Tuition fees: Overseas’ fees can range from £3,500 to about £18,000 per year depending on the institution, the level of your course, and the type of course.
Undergraduates have paid tuition fees set at a maximum of up to £9,000 per annum, with most universities charging over £6,000 per annum, and other higher education providers charging less.
Postgraduate fees vary but are generally more than undergraduate fees, depending on the degree and university. There are numerous bursaries to offset undergraduate fees and, for postgraduates, full scholarships are available for most subjects, and are usually awarded competitively.
Universities are charged differing amounts, often in the region of £5,000 – £20,000 per annum for undergraduate and postgraduate degrees. The actual amount differs by institution and subject, with the lab based subjects charging a greater amount.
Living Expenses: average cost of living is around £12,000. This may vary from location
- Course and Institution Selection
- Apply for Admission
- Receive Offer Letter
- Prepare Visa Documents
- Fee Payment
- Receive CAS ( Confirmation of Acceptance of Studies)
- Apply for Visa and Biometric Arrangement
- Visa Decision
- Pre-Departure Orientation
- Pay Immigration Health Service Charge (In UK)
Part Time: 20 hours per week
Earning: £ 7+ per hour
Work Type: International students need to get a National Insurance (NI) Card. Student who wish to work during their studies that depends upon students acquired skills and abilities. There is high global market in agriculture and production. And most of the students work in restaurants, department store, shopping centre etc.
Tax: In order to work in UK, international students need to get National Insurance (NI) Card who wishes to work during their studies in UK. Tax will be paid through this NI card number.
Type of Visas:
Graduate schemes are available at large and multinational companies in Banking, Engineering, Retail and Technology. Accounting and professional services sector and the public, engineering and industrial sectors had the most graduate vacancies. For the graduated students they have to convert the Tier 4 into Tier 2 Visa Category for the Full Time Work.
How to find a job?
There are lots of options available to international students who want to stay and work in the UK after their studies. You can get job offer notification from different job provider. There are many job centres which helps the students to search the part time and full time job. Many international multinational companies offer Graduate Scheme for full time job for graduates.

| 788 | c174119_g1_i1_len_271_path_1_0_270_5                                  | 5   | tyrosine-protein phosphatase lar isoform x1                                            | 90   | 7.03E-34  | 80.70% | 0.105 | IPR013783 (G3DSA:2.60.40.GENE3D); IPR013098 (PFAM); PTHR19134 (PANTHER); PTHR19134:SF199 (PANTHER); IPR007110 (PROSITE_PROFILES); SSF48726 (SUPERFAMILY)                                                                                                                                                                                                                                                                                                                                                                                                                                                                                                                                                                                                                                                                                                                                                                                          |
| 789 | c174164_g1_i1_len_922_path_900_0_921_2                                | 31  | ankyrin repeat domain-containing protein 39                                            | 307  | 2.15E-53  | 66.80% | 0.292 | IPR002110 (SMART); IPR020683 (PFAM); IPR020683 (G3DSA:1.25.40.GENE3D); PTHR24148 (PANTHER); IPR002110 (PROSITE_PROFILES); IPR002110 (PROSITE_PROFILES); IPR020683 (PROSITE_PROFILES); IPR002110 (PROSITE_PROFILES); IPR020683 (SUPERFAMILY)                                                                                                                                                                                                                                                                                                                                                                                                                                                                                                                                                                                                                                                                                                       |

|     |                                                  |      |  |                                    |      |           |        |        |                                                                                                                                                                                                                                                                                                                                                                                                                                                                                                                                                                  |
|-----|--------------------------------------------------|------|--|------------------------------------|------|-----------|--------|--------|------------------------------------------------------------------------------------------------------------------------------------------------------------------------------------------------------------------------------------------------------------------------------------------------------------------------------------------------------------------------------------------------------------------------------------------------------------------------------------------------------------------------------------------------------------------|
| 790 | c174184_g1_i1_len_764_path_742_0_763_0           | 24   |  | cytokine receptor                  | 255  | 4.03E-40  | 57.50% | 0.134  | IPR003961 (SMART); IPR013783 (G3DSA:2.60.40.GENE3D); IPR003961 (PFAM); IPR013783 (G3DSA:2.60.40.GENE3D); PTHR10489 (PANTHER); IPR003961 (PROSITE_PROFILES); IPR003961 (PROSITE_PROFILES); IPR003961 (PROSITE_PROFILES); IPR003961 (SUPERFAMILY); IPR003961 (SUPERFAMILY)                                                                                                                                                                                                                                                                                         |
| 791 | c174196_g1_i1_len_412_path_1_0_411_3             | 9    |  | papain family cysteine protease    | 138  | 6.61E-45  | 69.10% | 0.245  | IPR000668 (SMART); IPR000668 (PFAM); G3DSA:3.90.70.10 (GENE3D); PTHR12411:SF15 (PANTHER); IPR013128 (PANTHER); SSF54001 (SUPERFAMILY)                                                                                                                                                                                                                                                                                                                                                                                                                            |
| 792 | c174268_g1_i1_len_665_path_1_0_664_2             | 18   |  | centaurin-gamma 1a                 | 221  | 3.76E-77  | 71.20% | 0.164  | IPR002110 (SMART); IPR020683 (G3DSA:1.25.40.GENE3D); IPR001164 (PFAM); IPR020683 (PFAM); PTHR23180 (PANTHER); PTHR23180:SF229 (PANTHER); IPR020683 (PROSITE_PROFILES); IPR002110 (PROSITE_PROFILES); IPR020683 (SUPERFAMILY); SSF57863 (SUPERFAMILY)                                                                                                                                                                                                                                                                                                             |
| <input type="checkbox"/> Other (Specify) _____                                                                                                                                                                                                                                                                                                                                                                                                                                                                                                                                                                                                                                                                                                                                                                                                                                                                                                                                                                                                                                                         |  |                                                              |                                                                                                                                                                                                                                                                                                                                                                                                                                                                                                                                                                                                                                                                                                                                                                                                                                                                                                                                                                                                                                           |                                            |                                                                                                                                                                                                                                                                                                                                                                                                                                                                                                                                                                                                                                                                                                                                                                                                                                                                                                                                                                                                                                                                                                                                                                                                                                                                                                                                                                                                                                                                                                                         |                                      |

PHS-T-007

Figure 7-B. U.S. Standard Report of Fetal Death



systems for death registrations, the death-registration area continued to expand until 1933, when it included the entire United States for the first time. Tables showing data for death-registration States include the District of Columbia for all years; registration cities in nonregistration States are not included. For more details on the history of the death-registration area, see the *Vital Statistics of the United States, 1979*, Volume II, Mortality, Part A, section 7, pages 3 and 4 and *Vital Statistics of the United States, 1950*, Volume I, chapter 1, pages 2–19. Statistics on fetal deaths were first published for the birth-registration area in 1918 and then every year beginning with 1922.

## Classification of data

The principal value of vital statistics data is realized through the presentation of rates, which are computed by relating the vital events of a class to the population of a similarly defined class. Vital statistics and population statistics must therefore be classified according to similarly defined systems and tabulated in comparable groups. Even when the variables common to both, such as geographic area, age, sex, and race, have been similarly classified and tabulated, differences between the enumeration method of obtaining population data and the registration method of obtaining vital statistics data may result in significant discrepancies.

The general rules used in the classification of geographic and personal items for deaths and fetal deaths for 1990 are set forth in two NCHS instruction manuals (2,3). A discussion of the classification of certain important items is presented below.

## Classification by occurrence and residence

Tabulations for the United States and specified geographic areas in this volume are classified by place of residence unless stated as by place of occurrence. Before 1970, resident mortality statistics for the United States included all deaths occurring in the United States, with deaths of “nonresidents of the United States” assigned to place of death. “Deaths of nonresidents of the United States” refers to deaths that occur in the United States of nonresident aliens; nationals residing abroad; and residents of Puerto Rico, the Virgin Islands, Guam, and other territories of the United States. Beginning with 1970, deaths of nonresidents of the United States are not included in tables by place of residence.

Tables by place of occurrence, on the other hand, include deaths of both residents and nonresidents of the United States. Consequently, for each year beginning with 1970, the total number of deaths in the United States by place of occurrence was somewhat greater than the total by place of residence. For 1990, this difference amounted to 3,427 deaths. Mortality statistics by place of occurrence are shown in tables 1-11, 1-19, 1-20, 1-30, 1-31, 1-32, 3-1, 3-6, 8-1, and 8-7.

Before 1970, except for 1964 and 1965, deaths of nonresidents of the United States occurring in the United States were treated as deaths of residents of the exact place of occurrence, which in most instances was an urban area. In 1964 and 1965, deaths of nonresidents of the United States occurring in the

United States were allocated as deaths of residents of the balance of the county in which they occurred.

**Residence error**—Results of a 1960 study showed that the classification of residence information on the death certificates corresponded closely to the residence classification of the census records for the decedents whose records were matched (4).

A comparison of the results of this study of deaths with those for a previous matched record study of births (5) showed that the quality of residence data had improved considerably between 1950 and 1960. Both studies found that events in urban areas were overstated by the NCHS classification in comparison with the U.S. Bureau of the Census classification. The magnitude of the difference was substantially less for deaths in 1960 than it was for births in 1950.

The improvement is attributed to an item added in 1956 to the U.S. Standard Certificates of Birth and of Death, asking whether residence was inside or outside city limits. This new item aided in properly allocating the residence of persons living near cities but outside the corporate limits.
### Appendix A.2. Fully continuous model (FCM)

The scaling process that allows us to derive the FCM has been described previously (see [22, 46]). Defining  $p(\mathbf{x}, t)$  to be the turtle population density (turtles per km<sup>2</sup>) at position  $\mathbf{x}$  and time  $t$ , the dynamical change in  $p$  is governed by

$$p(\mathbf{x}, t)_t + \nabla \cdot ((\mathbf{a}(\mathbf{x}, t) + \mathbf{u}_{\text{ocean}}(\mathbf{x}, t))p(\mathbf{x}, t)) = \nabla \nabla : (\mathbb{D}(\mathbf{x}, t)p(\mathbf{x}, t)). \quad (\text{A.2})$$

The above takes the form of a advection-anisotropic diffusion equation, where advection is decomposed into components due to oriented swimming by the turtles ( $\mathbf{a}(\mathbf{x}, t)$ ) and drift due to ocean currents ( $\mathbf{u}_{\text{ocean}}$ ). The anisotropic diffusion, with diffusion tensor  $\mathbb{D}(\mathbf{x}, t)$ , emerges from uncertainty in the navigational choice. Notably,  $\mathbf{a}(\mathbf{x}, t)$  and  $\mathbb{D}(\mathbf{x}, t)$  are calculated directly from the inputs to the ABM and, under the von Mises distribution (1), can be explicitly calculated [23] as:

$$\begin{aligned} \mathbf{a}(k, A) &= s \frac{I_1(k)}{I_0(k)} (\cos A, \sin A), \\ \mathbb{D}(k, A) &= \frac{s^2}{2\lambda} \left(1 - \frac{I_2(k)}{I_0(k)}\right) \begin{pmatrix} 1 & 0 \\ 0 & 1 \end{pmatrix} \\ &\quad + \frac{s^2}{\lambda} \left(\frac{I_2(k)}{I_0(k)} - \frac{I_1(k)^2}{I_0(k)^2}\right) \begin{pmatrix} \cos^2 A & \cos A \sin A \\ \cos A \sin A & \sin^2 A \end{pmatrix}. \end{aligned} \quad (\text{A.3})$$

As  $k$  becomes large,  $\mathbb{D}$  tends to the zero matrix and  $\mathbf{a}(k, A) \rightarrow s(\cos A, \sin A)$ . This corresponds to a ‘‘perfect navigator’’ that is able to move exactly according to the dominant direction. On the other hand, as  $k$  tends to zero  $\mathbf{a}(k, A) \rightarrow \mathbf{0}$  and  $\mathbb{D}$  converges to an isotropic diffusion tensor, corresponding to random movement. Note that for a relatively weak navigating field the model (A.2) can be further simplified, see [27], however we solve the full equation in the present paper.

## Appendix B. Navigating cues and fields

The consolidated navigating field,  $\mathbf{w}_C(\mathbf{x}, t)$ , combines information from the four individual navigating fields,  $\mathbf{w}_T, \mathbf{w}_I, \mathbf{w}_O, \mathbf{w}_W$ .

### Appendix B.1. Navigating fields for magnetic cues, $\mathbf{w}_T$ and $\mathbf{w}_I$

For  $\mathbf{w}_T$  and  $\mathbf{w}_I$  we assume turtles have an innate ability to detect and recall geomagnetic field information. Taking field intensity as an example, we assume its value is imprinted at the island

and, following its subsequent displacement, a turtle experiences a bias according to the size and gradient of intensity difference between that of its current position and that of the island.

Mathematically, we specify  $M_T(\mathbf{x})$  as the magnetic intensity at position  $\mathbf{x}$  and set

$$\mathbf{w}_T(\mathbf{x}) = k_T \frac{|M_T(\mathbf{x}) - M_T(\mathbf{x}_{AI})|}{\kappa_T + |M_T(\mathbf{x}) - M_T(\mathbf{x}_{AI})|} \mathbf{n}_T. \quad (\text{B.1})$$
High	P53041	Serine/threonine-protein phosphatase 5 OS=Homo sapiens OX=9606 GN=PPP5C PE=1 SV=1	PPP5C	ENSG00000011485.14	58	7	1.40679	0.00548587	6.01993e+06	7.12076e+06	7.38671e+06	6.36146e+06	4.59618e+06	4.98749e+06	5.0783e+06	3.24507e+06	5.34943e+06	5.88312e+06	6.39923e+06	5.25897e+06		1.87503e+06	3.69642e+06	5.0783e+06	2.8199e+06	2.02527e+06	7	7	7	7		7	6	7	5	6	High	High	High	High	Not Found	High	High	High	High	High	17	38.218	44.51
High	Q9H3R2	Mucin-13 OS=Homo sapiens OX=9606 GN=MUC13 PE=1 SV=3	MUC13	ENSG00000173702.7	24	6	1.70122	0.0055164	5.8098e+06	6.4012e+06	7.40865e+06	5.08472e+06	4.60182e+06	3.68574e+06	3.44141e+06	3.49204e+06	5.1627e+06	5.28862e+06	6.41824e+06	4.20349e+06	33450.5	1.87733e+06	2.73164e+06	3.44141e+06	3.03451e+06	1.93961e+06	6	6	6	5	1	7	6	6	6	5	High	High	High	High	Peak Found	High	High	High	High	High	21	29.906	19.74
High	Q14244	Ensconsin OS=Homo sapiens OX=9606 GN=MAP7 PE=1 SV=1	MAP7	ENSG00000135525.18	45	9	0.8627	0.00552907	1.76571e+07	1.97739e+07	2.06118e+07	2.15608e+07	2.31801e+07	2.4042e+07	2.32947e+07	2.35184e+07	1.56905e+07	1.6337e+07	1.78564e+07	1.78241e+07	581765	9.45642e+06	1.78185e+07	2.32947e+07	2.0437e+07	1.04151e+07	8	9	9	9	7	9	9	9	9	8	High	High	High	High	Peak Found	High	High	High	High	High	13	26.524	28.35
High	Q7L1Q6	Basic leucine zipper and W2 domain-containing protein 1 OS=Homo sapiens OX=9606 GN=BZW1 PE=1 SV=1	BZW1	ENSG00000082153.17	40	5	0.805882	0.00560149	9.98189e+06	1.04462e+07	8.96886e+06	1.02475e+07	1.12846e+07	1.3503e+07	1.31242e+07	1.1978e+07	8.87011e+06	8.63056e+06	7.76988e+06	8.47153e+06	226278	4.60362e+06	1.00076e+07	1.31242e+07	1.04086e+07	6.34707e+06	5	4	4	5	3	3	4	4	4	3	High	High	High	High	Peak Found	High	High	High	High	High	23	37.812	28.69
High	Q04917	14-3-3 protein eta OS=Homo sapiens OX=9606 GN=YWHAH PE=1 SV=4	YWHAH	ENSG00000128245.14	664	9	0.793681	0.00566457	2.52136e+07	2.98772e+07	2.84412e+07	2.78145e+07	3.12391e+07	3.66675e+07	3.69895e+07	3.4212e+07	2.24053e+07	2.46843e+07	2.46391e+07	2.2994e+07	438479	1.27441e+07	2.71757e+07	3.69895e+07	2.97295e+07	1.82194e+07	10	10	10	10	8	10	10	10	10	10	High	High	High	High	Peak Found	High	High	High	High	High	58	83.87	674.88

Average Salary: £24, 000 and above per annum.
Culture: The culture of the United Kingdom has been influenced by many factors including like the nation’s island status, its history as a western liberal democracy, major power and political union of four countries with each preserving elements of distinctive traditions, customs and symbolism. British influence can be observed in the language, culture and legal systems of many of its former colonies including Australia, Canada, India, Ireland, New Zealand, Pakistan, South Africa and the United States. These commonly called as cultural superpower. Literature, music, cinema, art, theater, comedy, media, television, philosophy, architecture and education are important aspects of British culture.
Food: British cuisine has traditionally been limited in its international recognition to the full breakfast, fish and chips. British cuisine has many regional varieties within the broader categories of English, Scottish and Welsh cuisine. Each has developed its own regional or local dishes.
Safety: UK is a “safe and tolerant” place to study. The UK is one of the safest countries in the world, with low crime rates and a trustworthy police force. There are strict laws on gun ownership and gun crime is very rare. Many institutions have their own security services that patrol campuses. Your institution will usually provide you with information on staying safe on campus.
Welfare: Welfare is vital for everyone. UK universities and colleges take student welfare seriously. If you feel stressed or have any problems, then share your issues to your tutor, especially if you have concerns about your course or exams or to the student welfare officer or at your student union.
Health: It’s important to look after your health when moving away from home for the first time The UK’s NHS (National Health Service) is one of the world’s best healthcare systems, offering safe and modern treatment. International students do not need private medical insurance when studying in the UK.
Transport: Urban rail networks exist in London, Manchester, Birmingham, Edinburgh, Glasgow, Cardiff, Belfast, Leeds and Liverpool. There are many regional and international airports, with Heathrow Airport in London being one of the busiest in the world.
There’s a really efficient rail network across Britain. For the bus service, you can get lots of discounts with your weekly, monthly or annual passes, which will save you money throughout should be able to flag down a taxi easily if you’re in a hurry in cities.
Driving: If you want to drive in the UK, you’ll need to first pass your driving test and get taxed and insured. Cars over three years old also need to pass a Ministry of Transport (MOT) test annually, to make sure it is still safe to drive.